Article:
Born in London, 11 April 1885, son of George Ralph Charles Ormsby-Gore (who became 3rd Baron Harlech in 1904) and Lady Margaret Ethel (née Gordon). The family home was Brogyntyn, near Oswestry, Salop. He was educated at Eton and Oxford and in 1913 he married Lady Beatrice Cecil, a member of a prominent Conservative family.
In 1910 he was elected M.P. for the Borough of Denbigh by only eight votes but in 1918 he moved to a safer seat in Stafford and was a M.P. there until 1938 when he succeeded his father to the House of Lords. He became an expert on the Empire colonies and was Colonial Under-Secretary from 1922 until 1929 apart from the short period when Labour was in power in 1924. In that year he headed the Commission that visited East and Central Africa. He was a member of the Cabinet, 1931-38, and in 1936 he was appointed Colonial Secretary, for which post his extensive experience in the field was invaluable. However, one of his chief political enemies, Neville Chamberlain, became Prime Minister in 1937 and the following year he resigned in bitter circumstances. He opposed the foreign policies of Chamberlain and he was a constant critic of the Nazis. In brief, he was a sincere and prominent politician although occasionally impulsive.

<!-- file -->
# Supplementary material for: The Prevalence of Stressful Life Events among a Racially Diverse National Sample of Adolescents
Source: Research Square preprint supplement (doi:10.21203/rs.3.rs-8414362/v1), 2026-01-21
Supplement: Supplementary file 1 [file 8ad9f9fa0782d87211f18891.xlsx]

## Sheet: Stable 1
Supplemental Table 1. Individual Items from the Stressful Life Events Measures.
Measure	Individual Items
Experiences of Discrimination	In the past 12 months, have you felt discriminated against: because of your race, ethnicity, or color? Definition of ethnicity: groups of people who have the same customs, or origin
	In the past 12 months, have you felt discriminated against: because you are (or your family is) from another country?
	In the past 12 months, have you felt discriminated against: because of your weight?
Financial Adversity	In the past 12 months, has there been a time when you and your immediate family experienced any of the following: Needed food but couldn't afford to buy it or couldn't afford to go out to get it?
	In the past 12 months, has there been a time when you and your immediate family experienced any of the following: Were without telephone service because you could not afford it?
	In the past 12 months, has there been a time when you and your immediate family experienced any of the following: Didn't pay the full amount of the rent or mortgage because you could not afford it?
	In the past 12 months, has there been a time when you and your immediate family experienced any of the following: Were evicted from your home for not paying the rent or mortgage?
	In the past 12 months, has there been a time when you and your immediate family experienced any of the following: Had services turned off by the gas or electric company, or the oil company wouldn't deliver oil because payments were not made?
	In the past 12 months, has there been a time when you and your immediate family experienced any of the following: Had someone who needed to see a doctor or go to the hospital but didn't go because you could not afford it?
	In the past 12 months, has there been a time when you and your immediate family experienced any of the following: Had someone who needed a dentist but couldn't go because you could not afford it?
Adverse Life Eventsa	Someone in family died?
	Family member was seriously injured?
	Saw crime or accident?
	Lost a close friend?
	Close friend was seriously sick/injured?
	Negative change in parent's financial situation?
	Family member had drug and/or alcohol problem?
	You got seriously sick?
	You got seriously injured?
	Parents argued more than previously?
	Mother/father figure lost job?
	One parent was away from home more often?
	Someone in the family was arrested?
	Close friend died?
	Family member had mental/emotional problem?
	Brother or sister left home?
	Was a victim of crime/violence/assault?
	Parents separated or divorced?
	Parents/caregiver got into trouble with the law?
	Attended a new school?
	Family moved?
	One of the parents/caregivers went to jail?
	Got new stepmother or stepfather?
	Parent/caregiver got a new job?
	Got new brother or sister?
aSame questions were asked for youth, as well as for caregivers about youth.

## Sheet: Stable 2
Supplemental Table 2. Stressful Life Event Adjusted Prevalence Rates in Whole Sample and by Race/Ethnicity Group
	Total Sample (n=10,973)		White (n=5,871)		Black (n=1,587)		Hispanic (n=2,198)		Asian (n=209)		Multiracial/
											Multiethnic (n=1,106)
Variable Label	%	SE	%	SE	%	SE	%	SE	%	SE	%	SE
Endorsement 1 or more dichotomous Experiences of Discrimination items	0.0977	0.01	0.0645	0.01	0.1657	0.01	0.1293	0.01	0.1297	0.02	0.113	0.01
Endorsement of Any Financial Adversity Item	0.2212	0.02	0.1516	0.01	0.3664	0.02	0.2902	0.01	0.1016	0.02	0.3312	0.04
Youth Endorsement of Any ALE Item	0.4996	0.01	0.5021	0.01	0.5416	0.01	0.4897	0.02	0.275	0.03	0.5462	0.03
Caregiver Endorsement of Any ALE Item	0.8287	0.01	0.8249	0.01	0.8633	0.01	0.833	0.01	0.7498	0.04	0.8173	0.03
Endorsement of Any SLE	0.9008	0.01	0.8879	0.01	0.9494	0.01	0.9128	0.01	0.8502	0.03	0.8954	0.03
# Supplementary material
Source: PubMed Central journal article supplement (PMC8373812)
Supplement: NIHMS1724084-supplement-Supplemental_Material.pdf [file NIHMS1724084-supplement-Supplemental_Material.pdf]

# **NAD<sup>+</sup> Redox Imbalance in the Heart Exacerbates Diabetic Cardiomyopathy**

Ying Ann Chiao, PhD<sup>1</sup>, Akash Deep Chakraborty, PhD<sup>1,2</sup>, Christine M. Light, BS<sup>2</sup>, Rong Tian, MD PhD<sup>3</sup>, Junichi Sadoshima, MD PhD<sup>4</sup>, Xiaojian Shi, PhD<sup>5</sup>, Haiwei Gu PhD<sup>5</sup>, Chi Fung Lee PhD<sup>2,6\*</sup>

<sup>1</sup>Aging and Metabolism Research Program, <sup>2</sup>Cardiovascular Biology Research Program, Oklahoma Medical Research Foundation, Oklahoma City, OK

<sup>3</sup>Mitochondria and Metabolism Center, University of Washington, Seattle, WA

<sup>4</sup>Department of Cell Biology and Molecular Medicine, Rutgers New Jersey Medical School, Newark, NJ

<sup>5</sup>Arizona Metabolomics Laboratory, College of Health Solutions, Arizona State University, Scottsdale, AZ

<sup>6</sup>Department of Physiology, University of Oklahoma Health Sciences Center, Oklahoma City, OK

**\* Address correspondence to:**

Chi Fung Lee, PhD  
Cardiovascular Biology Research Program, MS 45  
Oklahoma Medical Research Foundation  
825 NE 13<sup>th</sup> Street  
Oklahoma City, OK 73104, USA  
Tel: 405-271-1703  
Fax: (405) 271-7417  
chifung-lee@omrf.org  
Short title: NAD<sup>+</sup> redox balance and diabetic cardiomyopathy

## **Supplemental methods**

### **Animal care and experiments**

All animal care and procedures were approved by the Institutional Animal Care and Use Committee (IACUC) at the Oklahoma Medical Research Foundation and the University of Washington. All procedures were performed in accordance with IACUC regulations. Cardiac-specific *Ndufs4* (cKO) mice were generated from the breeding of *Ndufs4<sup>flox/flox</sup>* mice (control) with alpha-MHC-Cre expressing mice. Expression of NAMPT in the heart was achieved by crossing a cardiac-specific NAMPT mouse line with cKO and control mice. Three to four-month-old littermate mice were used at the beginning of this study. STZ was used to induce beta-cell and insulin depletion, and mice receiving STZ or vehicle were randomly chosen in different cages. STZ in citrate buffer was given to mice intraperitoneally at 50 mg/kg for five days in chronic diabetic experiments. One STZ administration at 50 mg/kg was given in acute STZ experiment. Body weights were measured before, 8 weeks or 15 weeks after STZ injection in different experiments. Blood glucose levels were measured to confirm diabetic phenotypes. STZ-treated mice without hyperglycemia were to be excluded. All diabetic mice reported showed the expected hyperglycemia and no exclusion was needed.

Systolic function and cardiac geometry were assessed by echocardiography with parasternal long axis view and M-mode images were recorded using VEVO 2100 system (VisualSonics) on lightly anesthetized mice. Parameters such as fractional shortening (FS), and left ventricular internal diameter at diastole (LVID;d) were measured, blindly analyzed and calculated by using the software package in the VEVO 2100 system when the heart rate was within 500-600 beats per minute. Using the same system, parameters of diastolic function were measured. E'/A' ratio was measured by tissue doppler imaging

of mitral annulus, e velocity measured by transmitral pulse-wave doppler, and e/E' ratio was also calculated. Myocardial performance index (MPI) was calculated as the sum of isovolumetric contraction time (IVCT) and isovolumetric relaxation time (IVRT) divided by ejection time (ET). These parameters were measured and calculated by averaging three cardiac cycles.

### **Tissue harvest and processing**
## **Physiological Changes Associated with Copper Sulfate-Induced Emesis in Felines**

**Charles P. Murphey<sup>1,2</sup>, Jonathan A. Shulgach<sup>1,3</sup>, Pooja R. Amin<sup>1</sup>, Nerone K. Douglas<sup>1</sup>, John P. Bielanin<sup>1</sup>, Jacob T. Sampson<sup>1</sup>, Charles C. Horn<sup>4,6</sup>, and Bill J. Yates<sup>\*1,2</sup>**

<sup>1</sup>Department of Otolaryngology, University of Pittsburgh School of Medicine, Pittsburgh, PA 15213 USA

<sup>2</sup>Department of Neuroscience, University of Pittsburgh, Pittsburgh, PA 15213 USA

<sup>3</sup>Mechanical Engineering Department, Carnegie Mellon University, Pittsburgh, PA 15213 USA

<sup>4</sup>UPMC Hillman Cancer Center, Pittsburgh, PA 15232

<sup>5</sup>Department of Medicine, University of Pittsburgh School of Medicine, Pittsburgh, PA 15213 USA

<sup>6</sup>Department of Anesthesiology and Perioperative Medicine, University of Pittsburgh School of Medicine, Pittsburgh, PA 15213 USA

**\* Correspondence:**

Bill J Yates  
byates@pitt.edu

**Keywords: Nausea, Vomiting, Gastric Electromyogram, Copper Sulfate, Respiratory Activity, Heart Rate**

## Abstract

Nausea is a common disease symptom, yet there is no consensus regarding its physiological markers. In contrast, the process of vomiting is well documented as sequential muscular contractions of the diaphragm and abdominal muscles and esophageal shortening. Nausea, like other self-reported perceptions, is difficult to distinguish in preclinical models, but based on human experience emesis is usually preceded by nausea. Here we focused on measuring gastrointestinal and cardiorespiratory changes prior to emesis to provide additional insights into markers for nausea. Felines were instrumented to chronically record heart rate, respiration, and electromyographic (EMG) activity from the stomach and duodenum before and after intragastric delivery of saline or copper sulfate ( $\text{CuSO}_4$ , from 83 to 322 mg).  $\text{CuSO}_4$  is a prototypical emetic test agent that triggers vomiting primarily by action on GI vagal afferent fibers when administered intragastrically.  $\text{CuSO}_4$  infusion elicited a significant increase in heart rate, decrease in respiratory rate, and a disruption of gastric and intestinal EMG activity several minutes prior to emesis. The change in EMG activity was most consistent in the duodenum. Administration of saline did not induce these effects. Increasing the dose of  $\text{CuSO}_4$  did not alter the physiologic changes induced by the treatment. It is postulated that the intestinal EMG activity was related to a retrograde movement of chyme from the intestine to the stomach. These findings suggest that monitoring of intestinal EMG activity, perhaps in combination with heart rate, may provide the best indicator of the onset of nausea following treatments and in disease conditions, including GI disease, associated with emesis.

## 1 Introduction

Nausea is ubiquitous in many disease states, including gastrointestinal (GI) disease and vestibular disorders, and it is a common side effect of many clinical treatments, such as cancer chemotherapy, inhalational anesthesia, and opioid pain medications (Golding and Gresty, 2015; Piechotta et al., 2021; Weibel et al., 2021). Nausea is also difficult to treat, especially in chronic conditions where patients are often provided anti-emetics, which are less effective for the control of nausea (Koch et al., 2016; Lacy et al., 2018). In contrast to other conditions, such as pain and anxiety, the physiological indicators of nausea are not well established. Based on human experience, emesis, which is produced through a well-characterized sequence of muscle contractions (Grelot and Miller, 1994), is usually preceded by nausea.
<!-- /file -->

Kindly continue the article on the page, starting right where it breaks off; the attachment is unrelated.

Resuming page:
After retiring from political life he turned his attention to banking and to his interests in the arts. He had already published Florentine sculptors of the fifteenth century (1930), A guide to the Mantegna cartoons at Hampton Court (1935), and Guides to the ancient monuments of England (3 volumes). He and his father deposited a valuable collection of Brogyntyn manuscripts at the National Library of Wales and he was the President of the Library, 1950-58. He was also Pro-Chancellor of the University of Wales and Constable of Harlech and Caernarfon castles. He died 14 February 1964.
Published date: 2001
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